Have you just started a new restaurant? If you have, there are a lot of things to think about: the food, the menu, the design of the menu, the overall ambiance of the restaurant, your web presence, etc.
A great feature which many restaurants have begun to employ is offering takeout – employing the option of some sort of online ordering system. Then you, the customer, go to the restaurant, pick up the food and go. Online ordering is becoming more and more popular, especially among a new generation of millennials who are more comfortable with texting than calling. So, here are some common takeout mistakes and how you can help your restaurant avoid them.
Packaging is Too Large or Too Small
When your takeout packaging is too big, it can make your customer feel as though they have been cheated out of a larger portion. Unless we’re eating at some hoity-toity five-star restaurant where the portions are less than the size of your hand, we expect to get a lot of food. Think about most of the places you go (I’ve noticed this especially at Asian food restaurants). Takeout containers are packed to the brim. The lid will barely stay on and you almost need another container. But, despite how much food some places pack in, you also want to make sure your packaging doesn’t appear too small.
People may wonder if the food could have been contaminated somehow if it is spilling out the sides, not to mention it would also create a mess. If it’s leaking out the sides and the lid isn’t tight, the food will get colder much sooner. People order food because they want it hot and don’t want to have to work for it. So, aim for the Goldilocks rule of packaging: not too big, not too small.
Poor Brand Message
This particular rule of thumb should reflect your restaurant and what you stand for. Are you a hip and trendy cafe? Your branding should reflect that you are trying to appear environmentally conscious. You should emulate that with biodegradable packaging or packaging that is easy to recycle. Or, perhaps you want to come off as a higher-end establishment. It would behoove you to have smart, well-designed packaging.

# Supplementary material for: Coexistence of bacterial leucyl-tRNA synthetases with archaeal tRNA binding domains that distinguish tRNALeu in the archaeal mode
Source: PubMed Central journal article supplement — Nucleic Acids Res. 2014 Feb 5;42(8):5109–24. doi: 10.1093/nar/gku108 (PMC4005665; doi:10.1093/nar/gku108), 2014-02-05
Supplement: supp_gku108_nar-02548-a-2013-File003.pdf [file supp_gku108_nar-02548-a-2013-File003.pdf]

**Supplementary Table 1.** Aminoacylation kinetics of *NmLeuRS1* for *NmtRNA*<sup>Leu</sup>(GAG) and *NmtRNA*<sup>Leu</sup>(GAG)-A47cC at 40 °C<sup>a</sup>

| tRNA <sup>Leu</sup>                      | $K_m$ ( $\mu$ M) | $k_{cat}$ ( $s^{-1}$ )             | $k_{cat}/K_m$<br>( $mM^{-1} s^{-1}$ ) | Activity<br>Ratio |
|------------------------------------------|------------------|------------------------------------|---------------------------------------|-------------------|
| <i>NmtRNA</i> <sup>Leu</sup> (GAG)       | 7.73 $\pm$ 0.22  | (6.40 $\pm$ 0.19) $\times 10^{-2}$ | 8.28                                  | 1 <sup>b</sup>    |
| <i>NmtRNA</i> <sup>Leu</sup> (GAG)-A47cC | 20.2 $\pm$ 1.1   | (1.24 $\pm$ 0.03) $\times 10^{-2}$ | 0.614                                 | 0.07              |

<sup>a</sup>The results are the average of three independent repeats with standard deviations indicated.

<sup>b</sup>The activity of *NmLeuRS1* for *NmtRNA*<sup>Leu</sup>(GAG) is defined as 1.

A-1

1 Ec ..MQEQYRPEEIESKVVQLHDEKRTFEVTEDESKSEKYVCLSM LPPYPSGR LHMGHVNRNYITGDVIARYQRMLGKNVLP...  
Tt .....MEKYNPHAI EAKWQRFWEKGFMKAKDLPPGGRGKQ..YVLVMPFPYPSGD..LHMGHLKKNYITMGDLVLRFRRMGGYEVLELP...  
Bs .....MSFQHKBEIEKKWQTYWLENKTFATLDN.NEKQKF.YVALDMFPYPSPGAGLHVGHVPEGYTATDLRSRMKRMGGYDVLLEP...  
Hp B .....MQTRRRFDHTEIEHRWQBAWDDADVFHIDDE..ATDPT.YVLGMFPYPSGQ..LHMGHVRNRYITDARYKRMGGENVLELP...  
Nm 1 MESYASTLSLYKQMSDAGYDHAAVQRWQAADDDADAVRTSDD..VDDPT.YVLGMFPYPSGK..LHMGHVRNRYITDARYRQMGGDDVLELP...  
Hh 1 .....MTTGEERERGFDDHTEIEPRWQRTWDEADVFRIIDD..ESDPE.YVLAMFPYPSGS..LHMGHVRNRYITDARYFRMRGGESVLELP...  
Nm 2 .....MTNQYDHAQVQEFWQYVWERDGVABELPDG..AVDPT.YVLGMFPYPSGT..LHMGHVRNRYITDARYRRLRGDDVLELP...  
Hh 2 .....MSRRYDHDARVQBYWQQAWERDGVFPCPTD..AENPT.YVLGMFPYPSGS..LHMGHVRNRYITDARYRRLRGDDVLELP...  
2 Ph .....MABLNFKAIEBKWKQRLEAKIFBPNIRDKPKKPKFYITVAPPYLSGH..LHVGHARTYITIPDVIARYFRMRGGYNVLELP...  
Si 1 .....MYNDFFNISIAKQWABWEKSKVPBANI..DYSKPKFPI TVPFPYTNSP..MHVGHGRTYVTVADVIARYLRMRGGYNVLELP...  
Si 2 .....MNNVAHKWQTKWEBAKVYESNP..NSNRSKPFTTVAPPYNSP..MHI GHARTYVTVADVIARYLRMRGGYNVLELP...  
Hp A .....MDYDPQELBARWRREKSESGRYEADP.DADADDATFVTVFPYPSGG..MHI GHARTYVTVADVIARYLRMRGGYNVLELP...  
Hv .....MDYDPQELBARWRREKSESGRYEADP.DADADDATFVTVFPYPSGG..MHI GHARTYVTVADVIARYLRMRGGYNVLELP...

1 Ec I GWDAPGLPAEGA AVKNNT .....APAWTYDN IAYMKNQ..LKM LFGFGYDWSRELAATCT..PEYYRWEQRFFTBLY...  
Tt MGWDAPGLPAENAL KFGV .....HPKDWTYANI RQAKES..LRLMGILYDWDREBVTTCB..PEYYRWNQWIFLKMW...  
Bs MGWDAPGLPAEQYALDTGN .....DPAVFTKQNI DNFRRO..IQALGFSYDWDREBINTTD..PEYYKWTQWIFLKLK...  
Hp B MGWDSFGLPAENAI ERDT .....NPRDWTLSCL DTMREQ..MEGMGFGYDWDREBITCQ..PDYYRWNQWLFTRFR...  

You wouldn’t want to place your food in some cheap plastic bag that says “thank you” ten times down the side and looks like it came from the 7-Eleven on the corner if you are trying to brand your restaurant as sophisticated. You’ll likely want a nicer, heavy duty paper bag emblazoned with your logo and brand message.
This is akin to going up to the drive thru because you don’t have very much time, or it’s cold, but then the drive through takes what seems like forever. Drive thrus, on average, should take around 215 seconds, or about 3-4 minutes, or less. When people order online for your takeout option, they want quick service. All they want is their food and to be back home, enjoying their favorite movie and favorite people, away from crowds.
If you take too long on your takeout services, it can severely and negatively impact your business. Think about Jimmy John’s sandwiches. They keep their menu relatively simple, so that aids in their speedy service, and their slogan is “freaky fast.” Once, I timed my Jimmy John’s delivery order. From the minute I called into the restaurant, to the minute the delivery girl walked into my office, it was just over seven minutes.
It seemed as if I barely had even hung up the phone and there she was with my dinner. Now, “freaky fast” may not be your slogan (that’s copyright infringement), but people still expect their food quickly, particularly if they have ordered ahead for it for a pickup. If they have to wait too long, they can easily go elsewhere. Make sure you prioritize your takeout customers. Many restaurants designate a couple of parking spots near the front doors for takeout orders. Consider doing the same at your place. Try to keep their wait to less than five minutes.
Having a Complex Ordering System
Leonardo da Vinci said that “simplicity is the ultimate form of sophistication.” Make sure that your website and menu flyers you send out to the community are simple to understand with your number and website plainly visible. Group like-priced items together.
A huge mistake some restaurants make is placing low and high cost items together. Think about it. If you see one option for dinner that’s $7.95 and one that’s $14.95 right next to each other, which one would you go for? Also, make sure your website and menus are well laid out. A complicated menu can be frustrating to understand, and again, people can easily go elsewhere.
No one likes to feel like a dummy. If your menu is too difficult to understand for the average Jane who walks through the door, you can bet that you will lose business before you can say, “Hi. Welcome to my Restaurant!”
Simplicity is the way to go. Simplify and streamline your menu, website, and your service. Your customers will be much happier when they can easily locate your $6 burger and fry meal. Simplify, simplify, simplify.